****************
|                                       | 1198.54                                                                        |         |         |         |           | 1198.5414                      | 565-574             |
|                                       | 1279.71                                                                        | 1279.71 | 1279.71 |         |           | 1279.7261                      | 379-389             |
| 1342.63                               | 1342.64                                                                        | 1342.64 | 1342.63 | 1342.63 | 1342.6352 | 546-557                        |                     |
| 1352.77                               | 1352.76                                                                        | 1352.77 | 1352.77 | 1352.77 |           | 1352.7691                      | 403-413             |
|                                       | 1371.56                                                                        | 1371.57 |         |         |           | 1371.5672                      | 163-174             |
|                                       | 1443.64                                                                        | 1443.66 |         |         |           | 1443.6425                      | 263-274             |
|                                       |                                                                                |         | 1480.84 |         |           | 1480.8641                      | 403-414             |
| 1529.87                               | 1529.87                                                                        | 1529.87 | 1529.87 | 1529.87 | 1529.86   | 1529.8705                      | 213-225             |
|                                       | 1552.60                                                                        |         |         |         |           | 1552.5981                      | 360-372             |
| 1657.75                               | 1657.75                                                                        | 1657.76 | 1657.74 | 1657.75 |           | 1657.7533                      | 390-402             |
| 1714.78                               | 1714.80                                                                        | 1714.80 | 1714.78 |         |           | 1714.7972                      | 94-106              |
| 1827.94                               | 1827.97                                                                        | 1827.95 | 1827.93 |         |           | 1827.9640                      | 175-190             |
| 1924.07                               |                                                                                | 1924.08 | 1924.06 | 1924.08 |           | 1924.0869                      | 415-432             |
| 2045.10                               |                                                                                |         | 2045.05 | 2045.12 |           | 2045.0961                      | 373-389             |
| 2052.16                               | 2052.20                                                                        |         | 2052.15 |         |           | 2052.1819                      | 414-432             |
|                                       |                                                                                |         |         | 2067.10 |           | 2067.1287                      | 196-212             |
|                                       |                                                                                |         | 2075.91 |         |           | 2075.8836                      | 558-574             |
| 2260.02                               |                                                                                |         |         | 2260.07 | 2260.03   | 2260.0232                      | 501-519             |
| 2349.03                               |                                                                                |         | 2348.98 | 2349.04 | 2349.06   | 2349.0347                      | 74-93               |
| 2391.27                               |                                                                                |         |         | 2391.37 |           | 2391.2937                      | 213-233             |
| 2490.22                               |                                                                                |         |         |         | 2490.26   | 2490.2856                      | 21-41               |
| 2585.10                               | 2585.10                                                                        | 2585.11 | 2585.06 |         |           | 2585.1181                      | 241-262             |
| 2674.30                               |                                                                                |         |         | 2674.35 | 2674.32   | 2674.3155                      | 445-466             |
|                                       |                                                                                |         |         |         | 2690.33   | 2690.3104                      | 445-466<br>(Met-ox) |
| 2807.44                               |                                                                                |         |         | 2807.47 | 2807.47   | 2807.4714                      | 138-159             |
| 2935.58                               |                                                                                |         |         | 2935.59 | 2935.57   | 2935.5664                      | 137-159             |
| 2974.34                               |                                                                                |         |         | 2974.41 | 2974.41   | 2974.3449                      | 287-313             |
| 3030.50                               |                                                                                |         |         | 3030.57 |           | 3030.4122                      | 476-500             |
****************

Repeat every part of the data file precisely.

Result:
|                                       | 1198.54                                                                        |         |         |         |           | 1198.5414                      | 565-574             |
|                                       | 1279.71                                                                        | 1279.71 | 1279.71 |         |           | 1279.7261                      | 379-389             |
| 1342.63                               | 1342.64                                                                        | 1342.64 | 1342.63 | 1342.63 | 1342.6352 | 546-557                        |                     |
| 1352.77                               | 1352.76                                                                        | 1352.77 | 1352.77 | 1352.77 |           | 1352.7691                      | 403-413             |
|                                       | 1371.56                                                                        | 1371.57 |         |         |           | 1371.5672                      | 163-174             |
|                                       | 1443.64                                                                        | 1443.66 |         |         |           | 1443.6425                      | 263-274             |
|                                       |                                                                                |         | 1480.84 |         |           | 1480.8641                      | 403-414             |
| 1529.87                               | 1529.87                                                                        | 1529.87 | 1529.87 | 1529.87 | 1529.86   | 1529.8705                      | 213-225             |
|                                       | 1552.60                                                                        |         |         |         |           | 1552.5981                      | 360-372             |
| 1657.75                               | 1657.75                                                                        | 1657.76 | 1657.74 | 1657.75 |           | 1657.7533                      | 390-402             |
| 1714.78                               | 1714.80                                                                        | 1714.80 | 1714.78 |         |           | 1714.7972                      | 94-106              |
| 1827.94                               | 1827.97                                                                        | 1827.95 | 1827.93 |         |           | 1827.9640                      | 175-190             |
| 1924.07                               |                                                                                | 1924.08 | 1924.06 | 1924.08 |           | 1924.0869                      | 415-432             |
| 2045.10                               |                                                                                |         | 2045.05 | 2045.12 |           | 2045.0961                      | 373-389             |
| 2052.16                               | 2052.20                                                                        |         | 2052.15 |         |           | 2052.1819                      | 414-432             |
|                                       |                                                                                |         |         | 2067.10 |           | 2067.1287                      | 196-212             |
|                                       |                                                                                |         | 2075.91 |         |           | 2075.8836                      | 558-574             |
| 2260.02                               |                                                                                |         |         | 2260.07 | 2260.03   | 2260.0232                      | 501-519             |
| 2349.03                               |                                                                                |         | 2348.98 | 2349.04 | 2349.06   | 2349.0347                      | 74-93               |
| 2391.27                               |                                                                                |         |         | 2391.37 |           | 2391.2937                      | 213-233             |
| 2490.22                               |                                                                                |         |         |         | 2490.26   | 2490.2856                      | 21-41               |
| 2585.10                               | 2585.10                                                                        | 2585.11 | 2585.06 |         |           | 2585.1181                      | 241-262             |
| 2674.30                               |                                                                                |         |         | 2674.35 | 2674.32   | 2674.3155                      | 445-466             |
|                                       |                                                                                |         |         |         | 2690.33   | 2690.3104                      | 445-466<br>(Met-ox) |
| 2807.44                               |                                                                                |         |         | 2807.47 | 2807.47   | 2807.4714                      | 138-159             |
| 2935.58                               |                                                                                |         |         | 2935.59 | 2935.57   | 2935.5664                      | 137-159             |
| 2974.34                               |                                                                                |         |         | 2974.41 | 2974.41   | 2974.3449                      | 287-313             |
| 3030.50                               |                                                                                |         |         | 3030.57 |           | 3030.4122                      | 476-500             |